Heparin-induced thrombocytopenia: In vitro studies on the interaction of dabigatran, rivaroxaban, and low-sulfated heparin, with platelet factor 4 and anti-PF4/heparin antibodies

Institut für Immunologie und Transfusionsmedizin, Universitä Greifswald, Sauerbruchstrasse, Greifswald, Germany.
Blood (Impact Factor: 10.45). 11/2011; 119(5):1248-55. DOI: 10.1182/blood-2011-05-353391
Source: PubMed


Heparin is a widely used anticoagulant. Because of its negative charge, it forms complexes with positively charged platelet factor 4 (PF4). This can induce anti-PF4/heparin IgG Abs. Resulting immune complexes activate platelets, leading to the prothrombotic adverse drug reaction heparin-induced thrombocytopenia (HIT). HIT requires treatment with alternative anticoagulants. Approved for HIT are 2 direct thrombin inhibitors (DTI; lepirudin, argatroban) and danaparoid. They are niche products with limitations. We assessed the effects of the DTI dabigatran, the direct factor Xa-inhibitor rivaroxaban, and of 2-O, 3-O desulfated heparin (ODSH; a partially desulfated heparin with minimal anticoagulant effects) on PF4/heparin complexes and the interaction of anti-PF4/heparin Abs with platelets. Neither dabigatran nor rivaroxaban had any effect on the interaction of PF4 or anti-PF4/heparin Abs with platelets. In contrast, ODSH inhibited PF4 binding to gel-filtered platelets, displaced PF4 from a PF4-transfected cell line, displaced PF4/heparin complexes from platelet surfaces, and inhibited anti-PF4/heparin Ab binding to PF4/heparin complexes and subsequent platelet activation. Dabigatran and rivaroxaban seem to be options for alternative anticoagulation in patients with a history of HIT. ODSH prevents formation of immunogenic PF4/heparin complexes, and, when given together with heparin, may have the potential to reduce the risk for HIT during treatment with heparin.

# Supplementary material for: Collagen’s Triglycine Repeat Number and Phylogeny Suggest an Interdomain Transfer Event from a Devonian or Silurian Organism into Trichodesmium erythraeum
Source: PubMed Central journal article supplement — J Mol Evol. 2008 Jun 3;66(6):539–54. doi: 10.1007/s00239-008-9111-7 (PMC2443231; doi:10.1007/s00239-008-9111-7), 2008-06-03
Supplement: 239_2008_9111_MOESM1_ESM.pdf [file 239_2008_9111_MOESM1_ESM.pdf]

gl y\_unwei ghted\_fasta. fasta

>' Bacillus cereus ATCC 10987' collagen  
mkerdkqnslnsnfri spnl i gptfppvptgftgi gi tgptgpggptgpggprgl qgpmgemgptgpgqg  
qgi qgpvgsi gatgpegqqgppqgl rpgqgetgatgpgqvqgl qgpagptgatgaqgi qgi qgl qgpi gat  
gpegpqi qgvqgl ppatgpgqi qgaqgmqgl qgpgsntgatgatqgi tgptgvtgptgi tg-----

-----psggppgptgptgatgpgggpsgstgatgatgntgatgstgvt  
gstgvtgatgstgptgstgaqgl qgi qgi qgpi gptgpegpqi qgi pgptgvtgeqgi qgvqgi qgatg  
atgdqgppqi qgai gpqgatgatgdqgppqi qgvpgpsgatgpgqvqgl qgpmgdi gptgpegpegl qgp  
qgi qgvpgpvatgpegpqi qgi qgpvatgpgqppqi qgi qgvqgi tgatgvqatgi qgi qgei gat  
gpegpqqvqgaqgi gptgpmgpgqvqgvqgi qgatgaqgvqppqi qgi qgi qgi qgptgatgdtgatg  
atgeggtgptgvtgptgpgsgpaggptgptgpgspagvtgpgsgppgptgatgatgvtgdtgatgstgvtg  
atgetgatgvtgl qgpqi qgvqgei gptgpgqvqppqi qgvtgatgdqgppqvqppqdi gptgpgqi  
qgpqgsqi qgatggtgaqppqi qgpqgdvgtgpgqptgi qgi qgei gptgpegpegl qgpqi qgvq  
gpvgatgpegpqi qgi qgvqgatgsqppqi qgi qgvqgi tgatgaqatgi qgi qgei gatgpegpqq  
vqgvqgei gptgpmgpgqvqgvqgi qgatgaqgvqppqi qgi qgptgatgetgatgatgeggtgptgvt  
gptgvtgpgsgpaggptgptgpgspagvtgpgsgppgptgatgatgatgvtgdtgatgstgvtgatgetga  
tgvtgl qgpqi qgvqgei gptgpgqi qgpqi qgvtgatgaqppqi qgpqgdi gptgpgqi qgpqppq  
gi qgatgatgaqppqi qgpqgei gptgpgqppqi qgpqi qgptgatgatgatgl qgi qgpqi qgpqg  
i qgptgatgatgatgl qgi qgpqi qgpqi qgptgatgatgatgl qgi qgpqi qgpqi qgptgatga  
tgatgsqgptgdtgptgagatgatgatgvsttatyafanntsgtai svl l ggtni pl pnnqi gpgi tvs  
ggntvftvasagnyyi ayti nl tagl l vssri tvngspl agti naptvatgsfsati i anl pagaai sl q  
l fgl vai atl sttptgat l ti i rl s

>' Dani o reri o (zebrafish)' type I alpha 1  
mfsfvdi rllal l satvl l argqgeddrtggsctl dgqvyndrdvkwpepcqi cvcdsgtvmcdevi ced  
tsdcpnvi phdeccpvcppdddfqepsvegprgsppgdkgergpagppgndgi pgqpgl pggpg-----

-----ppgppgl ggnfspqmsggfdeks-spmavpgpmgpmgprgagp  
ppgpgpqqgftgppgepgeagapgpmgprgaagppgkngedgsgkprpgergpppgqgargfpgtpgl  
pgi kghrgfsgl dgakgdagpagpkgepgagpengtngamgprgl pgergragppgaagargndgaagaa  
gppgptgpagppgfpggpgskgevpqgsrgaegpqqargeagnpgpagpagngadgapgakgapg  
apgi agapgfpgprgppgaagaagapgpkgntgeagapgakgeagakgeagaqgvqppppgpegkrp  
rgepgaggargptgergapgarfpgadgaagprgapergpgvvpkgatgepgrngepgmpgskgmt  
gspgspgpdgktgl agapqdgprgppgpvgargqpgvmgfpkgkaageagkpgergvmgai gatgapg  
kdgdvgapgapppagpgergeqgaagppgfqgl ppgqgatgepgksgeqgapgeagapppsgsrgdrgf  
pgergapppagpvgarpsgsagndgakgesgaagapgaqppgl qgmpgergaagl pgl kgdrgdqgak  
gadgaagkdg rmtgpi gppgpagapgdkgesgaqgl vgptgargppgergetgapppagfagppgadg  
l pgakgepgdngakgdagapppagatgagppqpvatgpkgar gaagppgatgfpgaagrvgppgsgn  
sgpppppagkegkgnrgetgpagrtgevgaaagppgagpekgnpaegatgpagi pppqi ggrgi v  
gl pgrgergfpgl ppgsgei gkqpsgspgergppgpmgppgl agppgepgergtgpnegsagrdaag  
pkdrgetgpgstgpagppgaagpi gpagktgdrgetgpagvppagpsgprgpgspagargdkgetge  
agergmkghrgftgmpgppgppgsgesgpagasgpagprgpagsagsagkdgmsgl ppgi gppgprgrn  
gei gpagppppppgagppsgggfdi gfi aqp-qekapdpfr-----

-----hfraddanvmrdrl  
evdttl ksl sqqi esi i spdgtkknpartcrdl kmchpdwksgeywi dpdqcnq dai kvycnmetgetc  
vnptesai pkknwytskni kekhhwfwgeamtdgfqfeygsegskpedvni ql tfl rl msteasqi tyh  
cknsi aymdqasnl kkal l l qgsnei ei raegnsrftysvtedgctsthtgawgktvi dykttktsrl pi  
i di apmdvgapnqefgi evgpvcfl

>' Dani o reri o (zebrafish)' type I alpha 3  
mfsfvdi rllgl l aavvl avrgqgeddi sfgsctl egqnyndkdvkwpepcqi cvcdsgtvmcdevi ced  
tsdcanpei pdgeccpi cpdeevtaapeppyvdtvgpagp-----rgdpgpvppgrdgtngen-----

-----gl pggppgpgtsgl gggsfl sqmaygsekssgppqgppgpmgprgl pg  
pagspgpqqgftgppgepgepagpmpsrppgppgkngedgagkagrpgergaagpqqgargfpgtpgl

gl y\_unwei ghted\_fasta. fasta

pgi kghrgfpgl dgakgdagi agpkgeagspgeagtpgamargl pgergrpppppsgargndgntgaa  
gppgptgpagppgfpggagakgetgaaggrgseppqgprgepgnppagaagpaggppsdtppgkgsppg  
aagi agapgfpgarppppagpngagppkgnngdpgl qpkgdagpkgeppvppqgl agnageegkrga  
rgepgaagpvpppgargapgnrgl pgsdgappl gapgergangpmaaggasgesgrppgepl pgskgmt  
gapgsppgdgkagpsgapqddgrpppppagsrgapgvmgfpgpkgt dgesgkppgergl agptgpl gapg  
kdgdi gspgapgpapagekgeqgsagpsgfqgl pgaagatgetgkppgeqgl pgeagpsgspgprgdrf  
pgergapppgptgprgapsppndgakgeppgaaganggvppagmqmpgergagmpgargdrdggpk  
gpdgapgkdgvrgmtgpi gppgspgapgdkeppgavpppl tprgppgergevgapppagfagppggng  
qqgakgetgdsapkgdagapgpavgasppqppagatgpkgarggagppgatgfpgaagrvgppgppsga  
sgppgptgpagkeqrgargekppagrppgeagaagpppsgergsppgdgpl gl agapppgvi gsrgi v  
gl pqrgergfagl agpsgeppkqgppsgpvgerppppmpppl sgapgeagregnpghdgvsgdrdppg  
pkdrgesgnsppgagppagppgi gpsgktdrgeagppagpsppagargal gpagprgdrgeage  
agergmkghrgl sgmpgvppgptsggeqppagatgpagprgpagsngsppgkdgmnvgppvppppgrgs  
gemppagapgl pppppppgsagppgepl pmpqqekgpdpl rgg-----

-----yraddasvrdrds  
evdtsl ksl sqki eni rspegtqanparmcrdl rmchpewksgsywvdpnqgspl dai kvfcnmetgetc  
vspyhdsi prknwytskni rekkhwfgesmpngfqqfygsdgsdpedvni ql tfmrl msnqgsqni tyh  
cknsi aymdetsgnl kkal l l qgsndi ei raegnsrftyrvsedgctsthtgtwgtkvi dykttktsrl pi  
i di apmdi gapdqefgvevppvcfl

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    • "ODSH can compete with immobilized heparin for PF4 binding and can displace PF4 from cell surfaces [156,157]. When combined with heparin, ODSH reduces immunogenicity in vivo [157] and ameliorates HIT antibody mediated platelet activation in vitro [155,156]. When used together, the capacity of ODSH to sequester a proportion of available PF4 without generating immunogenic complexes may be an effective way to shift the PF4/heparin ratio toward less antigenic complexes. "